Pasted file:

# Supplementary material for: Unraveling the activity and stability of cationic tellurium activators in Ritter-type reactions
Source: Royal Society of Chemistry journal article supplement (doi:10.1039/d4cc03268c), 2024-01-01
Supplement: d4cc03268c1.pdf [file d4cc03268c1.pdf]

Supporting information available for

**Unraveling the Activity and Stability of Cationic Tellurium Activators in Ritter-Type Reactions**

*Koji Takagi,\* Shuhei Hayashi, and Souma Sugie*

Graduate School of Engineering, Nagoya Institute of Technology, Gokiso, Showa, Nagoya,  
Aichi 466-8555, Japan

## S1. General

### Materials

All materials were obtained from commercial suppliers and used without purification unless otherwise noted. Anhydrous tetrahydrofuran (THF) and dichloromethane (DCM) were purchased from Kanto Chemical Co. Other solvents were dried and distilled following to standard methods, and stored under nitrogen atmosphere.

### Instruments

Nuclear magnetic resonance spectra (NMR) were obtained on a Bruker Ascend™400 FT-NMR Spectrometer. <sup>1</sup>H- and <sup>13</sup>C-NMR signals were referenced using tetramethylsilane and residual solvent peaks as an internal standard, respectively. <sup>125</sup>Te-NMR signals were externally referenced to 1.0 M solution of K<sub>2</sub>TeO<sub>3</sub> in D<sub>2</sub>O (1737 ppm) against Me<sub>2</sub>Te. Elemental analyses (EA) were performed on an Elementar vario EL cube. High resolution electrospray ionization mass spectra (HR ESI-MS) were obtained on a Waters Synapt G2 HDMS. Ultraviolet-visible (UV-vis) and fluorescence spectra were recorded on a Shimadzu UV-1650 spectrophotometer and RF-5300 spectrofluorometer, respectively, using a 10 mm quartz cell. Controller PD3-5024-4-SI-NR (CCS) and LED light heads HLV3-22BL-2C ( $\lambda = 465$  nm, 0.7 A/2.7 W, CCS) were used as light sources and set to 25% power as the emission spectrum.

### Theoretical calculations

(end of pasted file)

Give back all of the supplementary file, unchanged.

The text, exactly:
# Supplementary material for: Unraveling the activity and stability of cationic tellurium activators in Ritter-type reactions
Source: Royal Society of Chemistry journal article supplement (doi:10.1039/d4cc03268c), 2024-01-01
Supplement: d4cc03268c1.pdf [file d4cc03268c1.pdf]

Supporting information available for

**Unraveling the Activity and Stability of Cationic Tellurium Activators in Ritter-Type Reactions**

*Koji Takagi,\* Shuhei Hayashi, and Souma Sugie*

Graduate School of Engineering, Nagoya Institute of Technology, Gokiso, Showa, Nagoya,  
Aichi 466-8555, Japan

## S1. General

### Materials

All materials were obtained from commercial suppliers and used without purification unless otherwise noted. Anhydrous tetrahydrofuran (THF) and dichloromethane (DCM) were purchased from Kanto Chemical Co. Other solvents were dried and distilled following to standard methods, and stored under nitrogen atmosphere.

### Instruments

Nuclear magnetic resonance spectra (NMR) were obtained on a Bruker Ascend™400 FT-NMR Spectrometer. <sup>1</sup>H- and <sup>13</sup>C-NMR signals were referenced using tetramethylsilane and residual solvent peaks as an internal standard, respectively. <sup>125</sup>Te-NMR signals were externally referenced to 1.0 M solution of K<sub>2</sub>TeO<sub>3</sub> in D<sub>2</sub>O (1737 ppm) against Me<sub>2</sub>Te. Elemental analyses (EA) were performed on an Elementar vario EL cube. High resolution electrospray ionization mass spectra (HR ESI-MS) were obtained on a Waters Synapt G2 HDMS. Ultraviolet-visible (UV-vis) and fluorescence spectra were recorded on a Shimadzu UV-1650 spectrophotometer and RF-5300 spectrofluorometer, respectively, using a 10 mm quartz cell. Controller PD3-5024-4-SI-NR (CCS) and LED light heads HLV3-22BL-2C ( $\lambda = 465$  nm, 0.7 A/2.7 W, CCS) were used as light sources and set to 25% power as the emission spectrum.

### Theoretical calculations